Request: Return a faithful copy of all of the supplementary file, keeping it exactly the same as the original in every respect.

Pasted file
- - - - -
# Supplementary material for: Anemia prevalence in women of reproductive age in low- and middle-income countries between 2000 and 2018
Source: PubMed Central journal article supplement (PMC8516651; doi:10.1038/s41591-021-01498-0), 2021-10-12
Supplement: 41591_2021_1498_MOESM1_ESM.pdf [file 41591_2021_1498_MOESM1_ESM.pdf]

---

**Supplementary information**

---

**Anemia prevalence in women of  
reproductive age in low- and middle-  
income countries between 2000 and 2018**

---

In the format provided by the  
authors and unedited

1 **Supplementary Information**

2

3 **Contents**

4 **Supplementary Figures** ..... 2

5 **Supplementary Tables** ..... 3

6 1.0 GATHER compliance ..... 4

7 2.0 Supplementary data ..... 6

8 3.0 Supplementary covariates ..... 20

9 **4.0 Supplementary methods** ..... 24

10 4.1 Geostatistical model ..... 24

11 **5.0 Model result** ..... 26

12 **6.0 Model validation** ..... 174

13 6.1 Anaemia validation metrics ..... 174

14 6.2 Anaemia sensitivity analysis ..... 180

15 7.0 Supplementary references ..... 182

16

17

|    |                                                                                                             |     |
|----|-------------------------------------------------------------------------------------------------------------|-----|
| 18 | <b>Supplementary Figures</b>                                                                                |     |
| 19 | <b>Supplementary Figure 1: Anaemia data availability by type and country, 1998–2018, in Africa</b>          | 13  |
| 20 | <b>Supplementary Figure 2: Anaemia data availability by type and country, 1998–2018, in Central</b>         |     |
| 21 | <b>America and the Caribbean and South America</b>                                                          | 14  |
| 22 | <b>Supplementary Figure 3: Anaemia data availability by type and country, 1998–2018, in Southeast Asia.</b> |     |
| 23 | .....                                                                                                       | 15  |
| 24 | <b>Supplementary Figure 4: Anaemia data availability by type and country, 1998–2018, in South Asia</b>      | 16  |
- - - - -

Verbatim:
# Supplementary material for: Anemia prevalence in women of reproductive age in low- and middle-income countries between 2000 and 2018
Source: PubMed Central journal article supplement (PMC8516651; doi:10.1038/s41591-021-01498-0), 2021-10-12
Supplement: 41591_2021_1498_MOESM1_ESM.pdf [file 41591_2021_1498_MOESM1_ESM.pdf]

---

**Supplementary information**

---

**Anemia prevalence in women of  
reproductive age in low- and middle-  
income countries between 2000 and 2018**

---

In the format provided by the  
authors and unedited

1 **Supplementary Information**

2

3 **Contents**

4 **Supplementary Figures** ..... 2

5 **Supplementary Tables** ..... 3

6 1.0 GATHER compliance ..... 4

7 2.0 Supplementary data ..... 6

8 3.0 Supplementary covariates ..... 20

9 **4.0 Supplementary methods** ..... 24

10 4.1 Geostatistical model ..... 24

11 **5.0 Model result** ..... 26

12 **6.0 Model validation** ..... 174

13 6.1 Anaemia validation metrics ..... 174

14 6.2 Anaemia sensitivity analysis ..... 180

15 7.0 Supplementary references ..... 182

16

17

|    |                                                                                                             |     |
|----|-------------------------------------------------------------------------------------------------------------|-----|
| 18 | <b>Supplementary Figures</b>                                                                                |     |
| 19 | <b>Supplementary Figure 1: Anaemia data availability by type and country, 1998–2018, in Africa</b>          | 13  |
| 20 | <b>Supplementary Figure 2: Anaemia data availability by type and country, 1998–2018, in Central</b>         |     |
| 21 | <b>America and the Caribbean and South America</b>                                                          | 14  |
| 22 | <b>Supplementary Figure 3: Anaemia data availability by type and country, 1998–2018, in Southeast Asia.</b> |     |
| 23 | .....                                                                                                       | 15  |
| 24 | <b>Supplementary Figure 4: Anaemia data availability by type and country, 1998–2018, in South Asia</b>      | 16  |